Andrew Carnegie found success and wealth and soon became one of America’s richest man despite his modest beginnings. Born in Scotland on November 25, 1835, Carnegie’s family moved to Pennsylvania in the United States when he was 13 years old in hopes of finding economic and working opportunities. Andrew, whose academic education ended when he left Scotland, was thus forced to work and became a bobbin boy at a cotton factory where he earned $1.20 a week. He then worked as a messenger in a telegraph office, working his way up until 1859 when replaced his boss as railroad division supervision and, at the same time, started investing in various businesses, such as coal, iron and oil companies, and railroad cars manufacturers. In 1865, seeing the rapid growth of the railroad industry, he founded an iron-bridge building company and a telegraph firm and, in the early 1970s, co-founded his first steel company. Having experience in three of the most profitable fields in the United States at the time ─ railroads, oil, and steel ─ he quickly became a wealthy man. Carnegie was a protestant and, thus, believed in predestination, and his religion impacted his vision of what work was. He believed that he knew better than the workers and that God made him successful and put him on this earth to lead the way for others. This, to him, was “the duty of the man of wealth”, and his idea of work and of society as a whole was one very similar to that of “social Darwinism”, according to which human beings are held to the same principle of “survival of the fittest” as animals are in Darwin’s theory.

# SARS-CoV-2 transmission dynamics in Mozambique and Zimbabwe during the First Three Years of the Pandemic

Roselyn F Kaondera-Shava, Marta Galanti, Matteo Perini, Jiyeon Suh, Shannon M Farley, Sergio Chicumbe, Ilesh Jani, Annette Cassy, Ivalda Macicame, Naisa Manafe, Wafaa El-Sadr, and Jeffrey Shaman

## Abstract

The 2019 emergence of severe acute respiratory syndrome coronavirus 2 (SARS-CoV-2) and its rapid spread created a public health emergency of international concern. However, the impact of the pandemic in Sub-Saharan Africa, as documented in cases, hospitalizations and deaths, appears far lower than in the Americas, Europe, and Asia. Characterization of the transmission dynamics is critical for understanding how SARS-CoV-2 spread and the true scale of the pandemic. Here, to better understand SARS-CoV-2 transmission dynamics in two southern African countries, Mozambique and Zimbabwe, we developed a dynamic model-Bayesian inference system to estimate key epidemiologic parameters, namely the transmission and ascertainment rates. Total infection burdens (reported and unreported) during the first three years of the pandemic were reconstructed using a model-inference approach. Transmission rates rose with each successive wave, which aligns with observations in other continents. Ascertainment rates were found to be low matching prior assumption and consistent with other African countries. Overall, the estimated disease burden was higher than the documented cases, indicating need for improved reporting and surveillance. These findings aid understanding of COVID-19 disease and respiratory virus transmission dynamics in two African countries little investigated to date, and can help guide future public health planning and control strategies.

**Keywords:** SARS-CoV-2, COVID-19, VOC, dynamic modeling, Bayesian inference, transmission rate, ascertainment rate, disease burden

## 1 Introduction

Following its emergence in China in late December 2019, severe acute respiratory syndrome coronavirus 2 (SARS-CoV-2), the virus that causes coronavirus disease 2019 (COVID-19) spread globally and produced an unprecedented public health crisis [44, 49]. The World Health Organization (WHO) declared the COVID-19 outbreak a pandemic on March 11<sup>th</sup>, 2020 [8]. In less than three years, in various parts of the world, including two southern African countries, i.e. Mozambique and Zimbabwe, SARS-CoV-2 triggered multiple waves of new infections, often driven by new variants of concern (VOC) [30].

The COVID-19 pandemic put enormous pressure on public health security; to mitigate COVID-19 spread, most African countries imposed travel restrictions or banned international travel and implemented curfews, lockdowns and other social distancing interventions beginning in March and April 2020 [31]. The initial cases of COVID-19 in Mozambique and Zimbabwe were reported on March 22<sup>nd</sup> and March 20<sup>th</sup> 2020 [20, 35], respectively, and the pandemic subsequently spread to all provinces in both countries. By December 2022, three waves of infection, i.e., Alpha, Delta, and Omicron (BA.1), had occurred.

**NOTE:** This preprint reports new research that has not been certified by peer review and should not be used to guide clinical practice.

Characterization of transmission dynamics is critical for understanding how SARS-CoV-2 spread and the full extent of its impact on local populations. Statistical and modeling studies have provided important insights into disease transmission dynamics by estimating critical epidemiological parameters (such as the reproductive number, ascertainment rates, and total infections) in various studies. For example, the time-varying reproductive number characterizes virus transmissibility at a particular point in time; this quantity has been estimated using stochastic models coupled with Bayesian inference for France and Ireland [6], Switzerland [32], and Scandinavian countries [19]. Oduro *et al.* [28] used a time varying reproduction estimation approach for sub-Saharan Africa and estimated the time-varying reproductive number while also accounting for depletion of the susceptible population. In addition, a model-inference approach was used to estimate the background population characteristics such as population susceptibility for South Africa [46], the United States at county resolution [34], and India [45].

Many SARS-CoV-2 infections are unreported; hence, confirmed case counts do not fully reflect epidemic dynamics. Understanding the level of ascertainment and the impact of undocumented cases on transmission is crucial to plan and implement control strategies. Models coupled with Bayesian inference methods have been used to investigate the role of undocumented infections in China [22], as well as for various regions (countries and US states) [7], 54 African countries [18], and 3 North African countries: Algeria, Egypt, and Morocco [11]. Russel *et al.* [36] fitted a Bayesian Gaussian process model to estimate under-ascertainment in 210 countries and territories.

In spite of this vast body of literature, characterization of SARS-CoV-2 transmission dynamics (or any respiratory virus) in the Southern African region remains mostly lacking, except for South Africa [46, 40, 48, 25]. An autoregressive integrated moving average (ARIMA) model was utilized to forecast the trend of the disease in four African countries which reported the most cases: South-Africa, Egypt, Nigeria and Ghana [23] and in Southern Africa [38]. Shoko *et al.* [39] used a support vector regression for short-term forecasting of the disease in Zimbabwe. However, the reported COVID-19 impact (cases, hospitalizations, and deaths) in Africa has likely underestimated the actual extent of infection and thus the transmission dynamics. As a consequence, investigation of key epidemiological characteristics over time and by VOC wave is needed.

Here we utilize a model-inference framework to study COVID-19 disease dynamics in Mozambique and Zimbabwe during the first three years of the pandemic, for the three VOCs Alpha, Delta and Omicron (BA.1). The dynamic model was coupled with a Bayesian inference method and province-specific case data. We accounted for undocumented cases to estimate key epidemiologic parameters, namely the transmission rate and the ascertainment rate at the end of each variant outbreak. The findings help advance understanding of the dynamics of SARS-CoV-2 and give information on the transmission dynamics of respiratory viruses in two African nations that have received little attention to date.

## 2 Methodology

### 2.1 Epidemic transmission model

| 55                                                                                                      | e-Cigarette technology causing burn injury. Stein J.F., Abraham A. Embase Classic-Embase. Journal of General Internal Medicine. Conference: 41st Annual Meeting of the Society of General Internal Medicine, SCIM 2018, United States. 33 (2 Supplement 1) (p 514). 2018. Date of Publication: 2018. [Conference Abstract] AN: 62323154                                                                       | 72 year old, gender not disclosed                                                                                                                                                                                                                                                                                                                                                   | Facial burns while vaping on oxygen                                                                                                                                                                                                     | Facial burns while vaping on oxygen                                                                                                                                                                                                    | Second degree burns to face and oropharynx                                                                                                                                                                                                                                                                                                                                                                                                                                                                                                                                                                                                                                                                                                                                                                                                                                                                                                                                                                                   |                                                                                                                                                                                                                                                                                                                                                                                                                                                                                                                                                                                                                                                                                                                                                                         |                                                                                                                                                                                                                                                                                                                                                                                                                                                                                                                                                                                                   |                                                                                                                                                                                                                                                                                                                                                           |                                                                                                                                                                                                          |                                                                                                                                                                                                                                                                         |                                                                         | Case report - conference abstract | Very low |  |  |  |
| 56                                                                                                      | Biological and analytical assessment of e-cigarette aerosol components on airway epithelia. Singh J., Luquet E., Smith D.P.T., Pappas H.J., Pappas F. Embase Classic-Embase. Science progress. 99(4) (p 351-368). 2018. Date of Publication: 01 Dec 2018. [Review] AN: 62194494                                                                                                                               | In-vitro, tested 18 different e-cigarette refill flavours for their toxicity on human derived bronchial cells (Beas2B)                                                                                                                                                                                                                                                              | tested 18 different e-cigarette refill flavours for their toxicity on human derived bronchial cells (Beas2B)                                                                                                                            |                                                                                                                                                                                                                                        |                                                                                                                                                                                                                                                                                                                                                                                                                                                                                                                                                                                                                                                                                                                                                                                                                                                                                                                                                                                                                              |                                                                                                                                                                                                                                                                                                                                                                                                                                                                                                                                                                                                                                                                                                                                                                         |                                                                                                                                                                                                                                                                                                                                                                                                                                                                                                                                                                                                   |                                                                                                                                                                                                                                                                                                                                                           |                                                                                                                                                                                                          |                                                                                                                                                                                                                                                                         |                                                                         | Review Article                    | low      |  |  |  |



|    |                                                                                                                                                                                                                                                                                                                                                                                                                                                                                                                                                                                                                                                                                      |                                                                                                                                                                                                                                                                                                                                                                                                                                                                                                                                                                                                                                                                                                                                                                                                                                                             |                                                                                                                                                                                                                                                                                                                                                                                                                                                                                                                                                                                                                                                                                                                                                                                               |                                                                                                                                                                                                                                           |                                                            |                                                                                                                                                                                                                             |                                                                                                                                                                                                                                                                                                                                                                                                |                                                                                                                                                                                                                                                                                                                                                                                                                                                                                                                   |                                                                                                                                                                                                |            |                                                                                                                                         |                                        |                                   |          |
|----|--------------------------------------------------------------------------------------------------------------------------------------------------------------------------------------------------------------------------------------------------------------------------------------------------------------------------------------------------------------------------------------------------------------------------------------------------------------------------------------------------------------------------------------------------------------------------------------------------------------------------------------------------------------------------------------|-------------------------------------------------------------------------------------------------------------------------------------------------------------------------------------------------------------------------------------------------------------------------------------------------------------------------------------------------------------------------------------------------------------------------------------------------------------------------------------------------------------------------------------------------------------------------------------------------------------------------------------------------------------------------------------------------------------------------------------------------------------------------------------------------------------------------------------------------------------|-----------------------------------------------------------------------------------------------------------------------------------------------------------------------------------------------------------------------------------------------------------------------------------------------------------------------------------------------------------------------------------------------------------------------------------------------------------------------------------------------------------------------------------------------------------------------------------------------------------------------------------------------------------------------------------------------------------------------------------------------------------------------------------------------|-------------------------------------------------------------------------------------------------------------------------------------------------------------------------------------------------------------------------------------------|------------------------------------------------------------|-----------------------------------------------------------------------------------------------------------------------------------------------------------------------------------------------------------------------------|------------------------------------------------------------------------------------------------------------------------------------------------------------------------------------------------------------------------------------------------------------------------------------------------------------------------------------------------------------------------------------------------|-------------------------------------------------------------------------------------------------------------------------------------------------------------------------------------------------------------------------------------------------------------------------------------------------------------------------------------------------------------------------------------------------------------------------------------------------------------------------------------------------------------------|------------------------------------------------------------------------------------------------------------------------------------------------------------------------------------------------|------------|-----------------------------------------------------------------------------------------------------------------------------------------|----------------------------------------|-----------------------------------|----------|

Carnegie is the perfect example of the concept of the self-made man, alongside men like J. D. Rockefeller or Cornelius Vanderbilt. This title he was attributed was a topic very much discussed among Americans and on which no one agreed. To some, Carnegie and his rags-to-riches life were the symbol of societal progress and of American excellence and should be thought of as an example of success. To others, He and other self-made men were nothing but “Robber barons”, which the Encyclopedia Britannica defines as a “ pejorative term for one of the powerful 19th-century U.S. industrialists and financiers who made fortunes by monopolizing huge industries through the formation of trusts, engaging in unethical business practices, exploiting workers, and paying little heed to their customers or competition.” In any case, Carnegie was thus an emblem of the social inequality, of the economic disparity, and of the capitalism that defined the United States in the late nineteenth century. The richer a small portion of the population got, the poorer the rest of the people were.